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The Hound of the Baskervilles

by Sir Arthur Conan Doyle

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In The Hound of the Baskervilles, what is Hugo Baskerville's confrontation with the hound?

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The wicked Hugo Baskerville’s story is told in colourful, indeed sensationalist terms, in the old manuscript that Dr Mortimer shows to Holmes. It seems that the legendary hell-hound that haunts the Baskerville family first appeared to Hugo, and killed him, presumably as punishment for his sins. Apparently, he was keeping a peasant girl prisoner and when she escaped, set off in hot pursuit. Some of his equally dissolute companions rode out after him. Eventually they found him, in the process of having his throat ripped out by the fearsome, supernatural hound:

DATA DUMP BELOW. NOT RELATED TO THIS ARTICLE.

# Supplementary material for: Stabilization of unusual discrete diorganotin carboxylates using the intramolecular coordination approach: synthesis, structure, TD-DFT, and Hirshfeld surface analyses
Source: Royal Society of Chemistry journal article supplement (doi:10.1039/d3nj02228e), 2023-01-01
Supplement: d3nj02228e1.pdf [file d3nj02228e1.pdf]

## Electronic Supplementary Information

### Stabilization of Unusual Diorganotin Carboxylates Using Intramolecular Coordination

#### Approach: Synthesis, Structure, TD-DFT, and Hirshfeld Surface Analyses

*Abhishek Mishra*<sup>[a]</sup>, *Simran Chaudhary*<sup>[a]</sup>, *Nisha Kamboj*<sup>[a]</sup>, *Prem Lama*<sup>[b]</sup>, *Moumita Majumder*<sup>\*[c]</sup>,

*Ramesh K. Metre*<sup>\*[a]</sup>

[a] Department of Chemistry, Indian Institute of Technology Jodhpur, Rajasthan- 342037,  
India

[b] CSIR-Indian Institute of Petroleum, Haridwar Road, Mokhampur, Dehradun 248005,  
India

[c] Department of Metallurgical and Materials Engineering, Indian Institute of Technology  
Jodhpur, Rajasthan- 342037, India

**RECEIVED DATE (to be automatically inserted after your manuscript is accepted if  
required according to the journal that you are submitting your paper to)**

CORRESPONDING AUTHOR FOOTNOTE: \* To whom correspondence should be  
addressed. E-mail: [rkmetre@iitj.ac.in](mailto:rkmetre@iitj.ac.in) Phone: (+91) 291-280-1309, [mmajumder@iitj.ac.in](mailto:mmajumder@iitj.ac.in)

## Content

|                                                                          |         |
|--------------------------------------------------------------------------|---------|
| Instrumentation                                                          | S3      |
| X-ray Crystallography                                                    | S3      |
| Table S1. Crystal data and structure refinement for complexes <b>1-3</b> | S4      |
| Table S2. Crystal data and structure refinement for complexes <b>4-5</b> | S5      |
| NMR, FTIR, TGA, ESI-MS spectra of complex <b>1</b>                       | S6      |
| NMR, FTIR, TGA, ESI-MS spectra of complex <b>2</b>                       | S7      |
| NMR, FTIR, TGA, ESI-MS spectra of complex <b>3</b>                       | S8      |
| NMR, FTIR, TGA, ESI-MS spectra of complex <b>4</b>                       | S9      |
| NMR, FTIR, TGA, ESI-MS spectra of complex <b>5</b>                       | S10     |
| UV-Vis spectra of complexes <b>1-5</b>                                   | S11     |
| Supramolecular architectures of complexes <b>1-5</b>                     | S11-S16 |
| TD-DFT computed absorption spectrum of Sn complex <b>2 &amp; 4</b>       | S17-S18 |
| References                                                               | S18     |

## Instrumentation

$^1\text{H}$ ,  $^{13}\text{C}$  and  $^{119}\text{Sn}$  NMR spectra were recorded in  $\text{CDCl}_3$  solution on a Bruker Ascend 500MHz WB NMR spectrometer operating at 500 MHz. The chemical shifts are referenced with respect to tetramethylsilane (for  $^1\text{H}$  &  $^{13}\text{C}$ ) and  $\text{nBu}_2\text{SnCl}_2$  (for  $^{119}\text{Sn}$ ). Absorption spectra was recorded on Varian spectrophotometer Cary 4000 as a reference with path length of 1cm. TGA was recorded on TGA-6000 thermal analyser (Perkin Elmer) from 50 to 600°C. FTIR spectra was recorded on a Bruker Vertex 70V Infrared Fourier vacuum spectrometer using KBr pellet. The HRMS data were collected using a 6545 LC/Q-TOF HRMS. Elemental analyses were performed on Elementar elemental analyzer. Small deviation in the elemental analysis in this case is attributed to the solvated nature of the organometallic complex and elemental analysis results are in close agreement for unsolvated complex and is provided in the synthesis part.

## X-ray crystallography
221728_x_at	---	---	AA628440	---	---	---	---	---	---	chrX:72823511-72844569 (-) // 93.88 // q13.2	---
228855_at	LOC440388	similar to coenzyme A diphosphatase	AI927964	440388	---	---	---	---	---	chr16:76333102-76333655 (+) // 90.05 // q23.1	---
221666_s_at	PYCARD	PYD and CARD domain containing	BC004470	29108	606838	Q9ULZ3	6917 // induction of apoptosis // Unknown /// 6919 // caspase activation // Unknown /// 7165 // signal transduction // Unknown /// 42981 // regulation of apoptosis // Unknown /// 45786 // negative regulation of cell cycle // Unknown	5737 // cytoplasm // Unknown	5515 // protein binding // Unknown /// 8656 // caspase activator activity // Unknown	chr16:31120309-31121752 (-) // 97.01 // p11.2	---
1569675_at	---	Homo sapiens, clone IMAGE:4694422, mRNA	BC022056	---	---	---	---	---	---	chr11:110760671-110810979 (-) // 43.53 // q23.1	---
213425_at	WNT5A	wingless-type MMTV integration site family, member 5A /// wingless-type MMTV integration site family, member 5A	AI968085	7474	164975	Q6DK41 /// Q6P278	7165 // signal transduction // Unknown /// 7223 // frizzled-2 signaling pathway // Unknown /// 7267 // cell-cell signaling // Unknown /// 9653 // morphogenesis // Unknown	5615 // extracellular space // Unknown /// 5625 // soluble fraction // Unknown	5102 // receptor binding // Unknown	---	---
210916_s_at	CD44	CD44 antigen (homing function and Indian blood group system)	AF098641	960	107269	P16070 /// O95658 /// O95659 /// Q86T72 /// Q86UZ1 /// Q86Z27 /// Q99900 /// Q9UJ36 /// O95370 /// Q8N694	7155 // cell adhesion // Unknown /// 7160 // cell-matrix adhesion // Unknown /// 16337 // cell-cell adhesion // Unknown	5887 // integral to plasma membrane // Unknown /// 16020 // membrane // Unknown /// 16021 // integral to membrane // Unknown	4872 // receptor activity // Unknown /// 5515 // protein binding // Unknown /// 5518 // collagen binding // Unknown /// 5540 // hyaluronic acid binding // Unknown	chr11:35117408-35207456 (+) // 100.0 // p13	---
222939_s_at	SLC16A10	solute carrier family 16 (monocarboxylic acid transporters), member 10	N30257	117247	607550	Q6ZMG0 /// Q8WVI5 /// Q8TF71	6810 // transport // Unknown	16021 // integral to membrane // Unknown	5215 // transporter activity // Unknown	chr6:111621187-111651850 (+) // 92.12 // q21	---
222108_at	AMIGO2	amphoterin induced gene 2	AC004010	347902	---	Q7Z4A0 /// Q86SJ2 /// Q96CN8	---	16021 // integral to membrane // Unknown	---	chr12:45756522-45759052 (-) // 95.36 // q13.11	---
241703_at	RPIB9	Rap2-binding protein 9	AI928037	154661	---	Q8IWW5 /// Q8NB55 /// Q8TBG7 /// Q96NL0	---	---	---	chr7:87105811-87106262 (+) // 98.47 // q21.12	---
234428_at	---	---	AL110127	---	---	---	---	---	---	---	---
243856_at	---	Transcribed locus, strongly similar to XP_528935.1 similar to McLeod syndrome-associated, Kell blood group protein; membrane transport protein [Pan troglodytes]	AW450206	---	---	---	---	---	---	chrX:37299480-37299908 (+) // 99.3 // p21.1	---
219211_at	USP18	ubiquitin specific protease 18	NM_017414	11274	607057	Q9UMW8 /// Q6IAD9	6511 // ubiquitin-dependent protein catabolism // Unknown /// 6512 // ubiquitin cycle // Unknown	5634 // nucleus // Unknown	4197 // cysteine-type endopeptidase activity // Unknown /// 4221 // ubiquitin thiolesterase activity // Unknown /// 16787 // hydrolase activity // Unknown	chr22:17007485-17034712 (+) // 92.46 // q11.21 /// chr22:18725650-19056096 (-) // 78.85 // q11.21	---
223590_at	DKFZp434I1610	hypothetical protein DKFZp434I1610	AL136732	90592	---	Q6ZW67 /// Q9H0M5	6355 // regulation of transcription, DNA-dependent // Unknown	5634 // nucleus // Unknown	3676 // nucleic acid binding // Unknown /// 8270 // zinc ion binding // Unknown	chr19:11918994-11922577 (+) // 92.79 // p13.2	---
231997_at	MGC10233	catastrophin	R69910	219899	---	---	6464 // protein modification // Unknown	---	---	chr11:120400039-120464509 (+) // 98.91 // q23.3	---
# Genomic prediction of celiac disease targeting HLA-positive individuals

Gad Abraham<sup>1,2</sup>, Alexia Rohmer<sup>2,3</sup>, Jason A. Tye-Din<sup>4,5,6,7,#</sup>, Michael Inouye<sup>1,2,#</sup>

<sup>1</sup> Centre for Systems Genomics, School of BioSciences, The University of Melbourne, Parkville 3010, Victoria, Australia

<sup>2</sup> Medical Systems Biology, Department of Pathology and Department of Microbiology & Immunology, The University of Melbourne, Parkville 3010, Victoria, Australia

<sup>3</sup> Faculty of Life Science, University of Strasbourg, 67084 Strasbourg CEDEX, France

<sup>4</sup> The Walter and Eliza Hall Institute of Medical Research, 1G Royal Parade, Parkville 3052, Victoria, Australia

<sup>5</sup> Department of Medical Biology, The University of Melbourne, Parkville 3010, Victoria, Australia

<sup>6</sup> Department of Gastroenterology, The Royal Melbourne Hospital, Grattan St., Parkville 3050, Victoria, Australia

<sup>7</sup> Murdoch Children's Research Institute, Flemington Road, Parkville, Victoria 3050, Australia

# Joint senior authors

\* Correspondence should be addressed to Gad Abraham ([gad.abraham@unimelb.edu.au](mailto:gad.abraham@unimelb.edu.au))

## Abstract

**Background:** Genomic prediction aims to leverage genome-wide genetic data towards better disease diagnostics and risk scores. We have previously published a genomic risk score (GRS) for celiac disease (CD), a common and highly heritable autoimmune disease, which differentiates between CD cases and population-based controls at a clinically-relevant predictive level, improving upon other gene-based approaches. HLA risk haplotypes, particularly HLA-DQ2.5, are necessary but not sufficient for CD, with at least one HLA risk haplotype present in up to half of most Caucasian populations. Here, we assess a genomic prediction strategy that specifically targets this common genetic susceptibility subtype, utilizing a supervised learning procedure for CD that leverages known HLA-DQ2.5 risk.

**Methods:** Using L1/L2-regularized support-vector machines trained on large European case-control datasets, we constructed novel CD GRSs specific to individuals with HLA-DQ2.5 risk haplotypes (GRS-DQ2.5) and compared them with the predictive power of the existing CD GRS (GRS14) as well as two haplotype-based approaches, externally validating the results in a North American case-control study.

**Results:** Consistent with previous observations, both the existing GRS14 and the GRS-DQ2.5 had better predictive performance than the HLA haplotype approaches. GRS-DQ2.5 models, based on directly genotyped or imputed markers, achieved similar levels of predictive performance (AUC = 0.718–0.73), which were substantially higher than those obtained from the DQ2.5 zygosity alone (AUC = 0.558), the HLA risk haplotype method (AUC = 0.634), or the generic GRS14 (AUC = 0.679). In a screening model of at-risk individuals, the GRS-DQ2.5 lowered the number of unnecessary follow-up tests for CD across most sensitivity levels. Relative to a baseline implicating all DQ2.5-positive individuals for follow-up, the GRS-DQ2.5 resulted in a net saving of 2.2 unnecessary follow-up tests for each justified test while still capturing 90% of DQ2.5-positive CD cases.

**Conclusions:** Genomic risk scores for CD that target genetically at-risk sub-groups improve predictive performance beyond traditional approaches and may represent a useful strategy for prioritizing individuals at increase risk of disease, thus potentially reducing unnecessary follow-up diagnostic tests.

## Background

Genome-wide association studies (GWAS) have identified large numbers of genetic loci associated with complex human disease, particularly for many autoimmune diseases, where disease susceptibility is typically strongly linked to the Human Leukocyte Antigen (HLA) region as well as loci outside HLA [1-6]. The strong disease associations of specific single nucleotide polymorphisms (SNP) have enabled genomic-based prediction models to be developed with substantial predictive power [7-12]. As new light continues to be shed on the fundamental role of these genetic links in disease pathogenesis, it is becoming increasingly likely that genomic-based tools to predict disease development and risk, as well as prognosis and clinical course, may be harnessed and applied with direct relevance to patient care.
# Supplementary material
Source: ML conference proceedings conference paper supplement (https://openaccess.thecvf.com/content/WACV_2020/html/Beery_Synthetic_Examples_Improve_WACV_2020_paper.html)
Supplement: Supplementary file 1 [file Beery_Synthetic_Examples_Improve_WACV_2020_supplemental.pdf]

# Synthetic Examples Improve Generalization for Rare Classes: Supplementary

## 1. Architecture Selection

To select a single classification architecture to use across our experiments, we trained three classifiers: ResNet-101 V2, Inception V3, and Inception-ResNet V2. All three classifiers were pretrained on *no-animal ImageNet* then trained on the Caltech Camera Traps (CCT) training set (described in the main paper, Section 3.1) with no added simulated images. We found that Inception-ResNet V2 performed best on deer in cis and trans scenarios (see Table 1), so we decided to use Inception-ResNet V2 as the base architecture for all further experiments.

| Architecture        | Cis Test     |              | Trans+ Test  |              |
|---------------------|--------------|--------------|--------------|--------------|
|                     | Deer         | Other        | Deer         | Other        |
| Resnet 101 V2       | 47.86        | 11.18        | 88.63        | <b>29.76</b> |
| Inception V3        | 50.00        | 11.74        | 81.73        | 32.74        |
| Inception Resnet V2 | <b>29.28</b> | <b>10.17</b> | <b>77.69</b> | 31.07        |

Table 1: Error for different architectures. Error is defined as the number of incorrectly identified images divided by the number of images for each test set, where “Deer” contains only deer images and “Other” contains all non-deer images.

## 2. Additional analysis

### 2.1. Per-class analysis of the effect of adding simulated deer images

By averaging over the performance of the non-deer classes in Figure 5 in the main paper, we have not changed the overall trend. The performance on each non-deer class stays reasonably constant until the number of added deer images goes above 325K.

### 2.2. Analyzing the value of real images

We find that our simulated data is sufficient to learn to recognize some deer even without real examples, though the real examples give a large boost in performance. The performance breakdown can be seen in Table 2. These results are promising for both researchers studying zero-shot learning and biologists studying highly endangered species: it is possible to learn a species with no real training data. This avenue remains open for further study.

There stood a foul thing, a great black beast like a hound, yet larger than any hound that ever mortal eye rested upon. (chapter 2)

This, then, is the confrontation of Hugo with the hound, and it seems to have been a wholly unequal contest.

 Hugo, at least, got his just deserts. However, the hound has now seemingly surfaced in modern times and is threatening the present Baskerville heir, Sir Henry, who is of a very different cast to his wicked ancestor, being a pleasant and friendly individual. Nevertheless, he appears to have fallen under the same shadow.

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